I did have some minor issues with the film (too much exposition at the beginning, lapses into modern horror cliches and a rubbish post-credits ending), but when you’re watching an Evil Dead film, I think an Oscar-winner is the last thing on your mind - you’re expecting much in the way of style and gruesome antics. This film definitely delivered in that regard. I’m looking forward to the Blu-ray release (particularly because I’m curious as to what the uncut version contains) and to the inevitable sequel.
I finally watched Wes Craven’s The Hills Have Eyes Part II. It’s somewhat entertaining, so it’s not entirely without merit, but otherwise, I can see why it’s such an unpopular film. The links to the original film are contrived, the flashbacks are excessive, the characters are largely forgettable and the death scenes are a weird hybrid of elaborate and anti-climatic. Wes, what were you thinking? At least the poster is nice.
This arrived in the post yesterday - Anchor Bay’s ‘Book of the Dead’ release of The Evil Dead, the third edition of the film that I’ve owned. Naturally, I’ll stick to the Blu-ray release whenever it comes to re-watching the film, but the packaging is amazing and I’ve always wanted this in my collection.
You know when one of your passions takes a backseat to everything else but then, for no reason whatsoever, it feels like you’ve become a fan all over again? It’s like that for me at the moment when it comes to horror films. I’ve ordered a bunch of horror boxsets I’ve wanted for ages and I’ve been obsessively watching clips related to different franchises, particularly the Hellraiser series. I think I’ve developed an affinity for Dr. Channard and his phallic tentacle. Good thing I’ve purchased the puzzle box DVD, then. I can watch Hellbound: Hellraiser II uncut, having been used to a censored VHS for years. On a slightly different note, I’m determined to watch the original seven Elm Street films back-to-back some day, preferably when neither my girlfriend nor I have work and we have the house to ourselves. I have done something similar before, actually. My parents bought me the 1-7 DVD box set for Christmas 2006 and I watched films 3-7 in the space of a day because I’d already seen the first two and was urgent to see the rest. This post is lacking in coherence or purpose.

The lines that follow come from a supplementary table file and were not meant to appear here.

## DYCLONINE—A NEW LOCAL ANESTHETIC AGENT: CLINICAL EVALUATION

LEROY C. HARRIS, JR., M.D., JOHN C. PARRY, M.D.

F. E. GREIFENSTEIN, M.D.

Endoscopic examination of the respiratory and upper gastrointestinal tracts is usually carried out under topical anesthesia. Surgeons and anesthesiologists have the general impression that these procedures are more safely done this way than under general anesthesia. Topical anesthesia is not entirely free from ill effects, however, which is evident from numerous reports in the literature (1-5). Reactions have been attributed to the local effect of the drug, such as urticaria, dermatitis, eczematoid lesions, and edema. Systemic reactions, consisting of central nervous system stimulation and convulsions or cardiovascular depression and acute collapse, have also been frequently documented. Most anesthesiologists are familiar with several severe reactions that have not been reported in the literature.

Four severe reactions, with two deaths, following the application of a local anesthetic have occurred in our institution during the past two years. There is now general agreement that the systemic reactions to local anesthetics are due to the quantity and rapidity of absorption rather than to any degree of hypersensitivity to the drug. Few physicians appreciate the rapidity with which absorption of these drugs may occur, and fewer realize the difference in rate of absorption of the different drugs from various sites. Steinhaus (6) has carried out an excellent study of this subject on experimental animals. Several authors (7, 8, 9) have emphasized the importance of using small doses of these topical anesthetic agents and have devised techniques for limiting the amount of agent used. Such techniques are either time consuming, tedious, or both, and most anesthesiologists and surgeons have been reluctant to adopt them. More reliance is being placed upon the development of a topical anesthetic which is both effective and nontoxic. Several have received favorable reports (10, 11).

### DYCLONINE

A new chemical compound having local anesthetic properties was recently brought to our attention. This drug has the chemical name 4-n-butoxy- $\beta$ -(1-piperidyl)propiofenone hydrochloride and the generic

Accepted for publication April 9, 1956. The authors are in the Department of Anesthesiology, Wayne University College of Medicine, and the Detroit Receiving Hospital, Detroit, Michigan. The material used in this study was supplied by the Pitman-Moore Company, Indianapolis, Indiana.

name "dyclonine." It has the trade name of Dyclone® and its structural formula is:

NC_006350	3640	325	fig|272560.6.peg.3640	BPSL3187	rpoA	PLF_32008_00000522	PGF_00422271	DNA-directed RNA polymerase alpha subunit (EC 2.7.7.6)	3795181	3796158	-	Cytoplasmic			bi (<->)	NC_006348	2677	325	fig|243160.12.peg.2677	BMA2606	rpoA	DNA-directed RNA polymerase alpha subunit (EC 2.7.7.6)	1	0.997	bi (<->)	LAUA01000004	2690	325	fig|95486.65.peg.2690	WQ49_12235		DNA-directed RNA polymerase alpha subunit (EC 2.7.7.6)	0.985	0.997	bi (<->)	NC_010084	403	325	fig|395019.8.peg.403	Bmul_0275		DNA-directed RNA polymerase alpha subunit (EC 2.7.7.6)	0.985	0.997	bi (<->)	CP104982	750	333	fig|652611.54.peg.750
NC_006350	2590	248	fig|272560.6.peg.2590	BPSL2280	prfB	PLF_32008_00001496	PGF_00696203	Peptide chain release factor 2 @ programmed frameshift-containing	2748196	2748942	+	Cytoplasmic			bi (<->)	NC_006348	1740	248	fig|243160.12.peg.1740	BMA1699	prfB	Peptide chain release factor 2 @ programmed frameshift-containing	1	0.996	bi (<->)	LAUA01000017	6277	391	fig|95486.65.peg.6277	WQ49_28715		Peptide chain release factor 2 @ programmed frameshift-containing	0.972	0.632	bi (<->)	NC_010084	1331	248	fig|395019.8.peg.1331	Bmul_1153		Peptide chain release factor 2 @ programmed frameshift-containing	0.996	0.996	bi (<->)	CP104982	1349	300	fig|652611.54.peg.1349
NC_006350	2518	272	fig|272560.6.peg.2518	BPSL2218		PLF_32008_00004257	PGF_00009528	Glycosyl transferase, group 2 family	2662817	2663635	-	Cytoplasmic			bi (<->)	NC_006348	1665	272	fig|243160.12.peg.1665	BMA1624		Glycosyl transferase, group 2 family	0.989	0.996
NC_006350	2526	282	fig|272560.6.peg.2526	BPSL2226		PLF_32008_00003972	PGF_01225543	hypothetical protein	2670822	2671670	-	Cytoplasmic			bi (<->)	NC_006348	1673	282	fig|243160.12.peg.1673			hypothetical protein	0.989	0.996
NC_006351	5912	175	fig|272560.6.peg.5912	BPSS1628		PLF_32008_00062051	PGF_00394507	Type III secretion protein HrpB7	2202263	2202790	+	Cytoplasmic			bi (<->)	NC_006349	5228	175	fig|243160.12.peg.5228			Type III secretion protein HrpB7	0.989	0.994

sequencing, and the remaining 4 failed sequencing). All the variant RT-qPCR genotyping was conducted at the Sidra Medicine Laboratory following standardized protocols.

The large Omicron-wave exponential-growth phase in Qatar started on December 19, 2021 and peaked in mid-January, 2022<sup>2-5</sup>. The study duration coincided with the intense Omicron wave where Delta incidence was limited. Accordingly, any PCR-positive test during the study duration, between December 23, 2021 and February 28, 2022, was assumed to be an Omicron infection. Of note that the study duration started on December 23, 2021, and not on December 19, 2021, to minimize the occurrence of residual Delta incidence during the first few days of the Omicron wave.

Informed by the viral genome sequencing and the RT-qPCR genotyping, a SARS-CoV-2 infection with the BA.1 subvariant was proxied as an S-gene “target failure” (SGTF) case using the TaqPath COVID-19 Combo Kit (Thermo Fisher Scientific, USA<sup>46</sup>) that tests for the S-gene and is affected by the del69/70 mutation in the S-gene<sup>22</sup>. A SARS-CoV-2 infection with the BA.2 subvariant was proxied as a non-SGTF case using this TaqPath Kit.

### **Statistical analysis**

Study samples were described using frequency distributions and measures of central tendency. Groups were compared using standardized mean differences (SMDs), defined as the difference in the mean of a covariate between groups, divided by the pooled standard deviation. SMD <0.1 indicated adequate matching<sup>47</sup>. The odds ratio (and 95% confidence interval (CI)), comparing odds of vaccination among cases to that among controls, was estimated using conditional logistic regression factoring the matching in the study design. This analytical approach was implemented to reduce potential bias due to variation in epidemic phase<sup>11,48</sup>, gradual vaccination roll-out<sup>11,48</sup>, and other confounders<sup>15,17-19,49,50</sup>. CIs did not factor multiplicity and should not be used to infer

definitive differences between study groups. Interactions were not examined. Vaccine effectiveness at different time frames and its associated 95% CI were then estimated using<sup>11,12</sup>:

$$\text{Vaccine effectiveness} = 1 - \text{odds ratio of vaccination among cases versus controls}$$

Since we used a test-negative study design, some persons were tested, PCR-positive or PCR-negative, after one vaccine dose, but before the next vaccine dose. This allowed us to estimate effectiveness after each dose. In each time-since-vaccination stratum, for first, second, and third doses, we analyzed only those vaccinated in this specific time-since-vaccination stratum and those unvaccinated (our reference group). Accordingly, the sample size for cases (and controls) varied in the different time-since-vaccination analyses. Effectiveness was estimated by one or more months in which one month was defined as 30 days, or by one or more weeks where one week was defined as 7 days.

I love the new Tomb Raider, but I hope it doesn’t turn everybody into snobs like Christopher Nolan did when he unleashed The Dark Knight upon the earth. Anybody who previously turned up their nose at Batman was suddenly The Caped Crusader’s Number One fan. Already, I’ve read numerous comments in which people laud praise upon the reboot whilst simultaneously mocking the earlier games. As I said, I love Tomb Raider/Tomb Raider 2013/TReboot, but that doesn’t mean the games that came before are devoid of merit all of a sudden. Tomb Raider II is still my favourite and if today’s generation of gamers got past the dated graphics and stopped being so damn impatient and superficial, they might appreciate the originals more.